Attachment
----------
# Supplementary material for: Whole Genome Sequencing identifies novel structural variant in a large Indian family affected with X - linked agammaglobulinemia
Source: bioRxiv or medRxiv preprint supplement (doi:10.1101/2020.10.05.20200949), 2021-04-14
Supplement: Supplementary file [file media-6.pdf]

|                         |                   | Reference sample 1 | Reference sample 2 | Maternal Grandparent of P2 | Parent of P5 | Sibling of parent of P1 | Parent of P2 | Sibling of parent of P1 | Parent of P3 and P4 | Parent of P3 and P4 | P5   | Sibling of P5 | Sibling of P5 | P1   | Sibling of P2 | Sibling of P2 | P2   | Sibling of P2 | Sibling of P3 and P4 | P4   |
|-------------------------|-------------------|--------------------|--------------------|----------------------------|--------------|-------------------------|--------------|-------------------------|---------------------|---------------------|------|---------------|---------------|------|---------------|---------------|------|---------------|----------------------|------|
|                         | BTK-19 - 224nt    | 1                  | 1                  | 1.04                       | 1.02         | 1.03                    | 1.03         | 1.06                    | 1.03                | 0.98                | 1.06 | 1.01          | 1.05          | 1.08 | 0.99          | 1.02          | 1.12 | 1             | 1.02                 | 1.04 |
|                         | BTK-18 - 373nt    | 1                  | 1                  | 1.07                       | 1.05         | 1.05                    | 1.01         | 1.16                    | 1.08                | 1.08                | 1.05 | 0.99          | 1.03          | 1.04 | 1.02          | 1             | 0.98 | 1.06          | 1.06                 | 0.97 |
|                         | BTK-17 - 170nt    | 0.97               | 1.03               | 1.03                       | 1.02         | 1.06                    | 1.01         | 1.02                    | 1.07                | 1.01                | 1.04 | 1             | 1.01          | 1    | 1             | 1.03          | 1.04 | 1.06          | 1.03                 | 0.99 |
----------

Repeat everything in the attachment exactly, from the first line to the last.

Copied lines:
# Supplementary material for: Whole Genome Sequencing identifies novel structural variant in a large Indian family affected with X - linked agammaglobulinemia
Source: bioRxiv or medRxiv preprint supplement (doi:10.1101/2020.10.05.20200949), 2021-04-14
Supplement: Supplementary file [file media-6.pdf]

|                         |                   | Reference sample 1 | Reference sample 2 | Maternal Grandparent of P2 | Parent of P5 | Sibling of parent of P1 | Parent of P2 | Sibling of parent of P1 | Parent of P3 and P4 | Parent of P3 and P4 | P5   | Sibling of P5 | Sibling of P5 | P1   | Sibling of P2 | Sibling of P2 | P2   | Sibling of P2 | Sibling of P3 and P4 | P4   |
|-------------------------|-------------------|--------------------|--------------------|----------------------------|--------------|-------------------------|--------------|-------------------------|---------------------|---------------------|------|---------------|---------------|------|---------------|---------------|------|---------------|----------------------|------|
|                         | BTK-19 - 224nt    | 1                  | 1                  | 1.04                       | 1.02         | 1.03                    | 1.03         | 1.06                    | 1.03                | 0.98                | 1.06 | 1.01          | 1.05          | 1.08 | 0.99          | 1.02          | 1.12 | 1             | 1.02                 | 1.04 |
|                         | BTK-18 - 373nt    | 1                  | 1                  | 1.07                       | 1.05         | 1.05                    | 1.01         | 1.16                    | 1.08                | 1.08                | 1.05 | 0.99          | 1.03          | 1.04 | 1.02          | 1             | 0.98 | 1.06          | 1.06                 | 0.97 |
|                         | BTK-17 - 170nt    | 0.97               | 1.03               | 1.03                       | 1.02         | 1.06                    | 1.01         | 1.02                    | 1.07                | 1.01                | 1.04 | 1             | 1.01          | 1    | 1             | 1.03          | 1.04 | 1.06          | 1.03                 | 0.99 |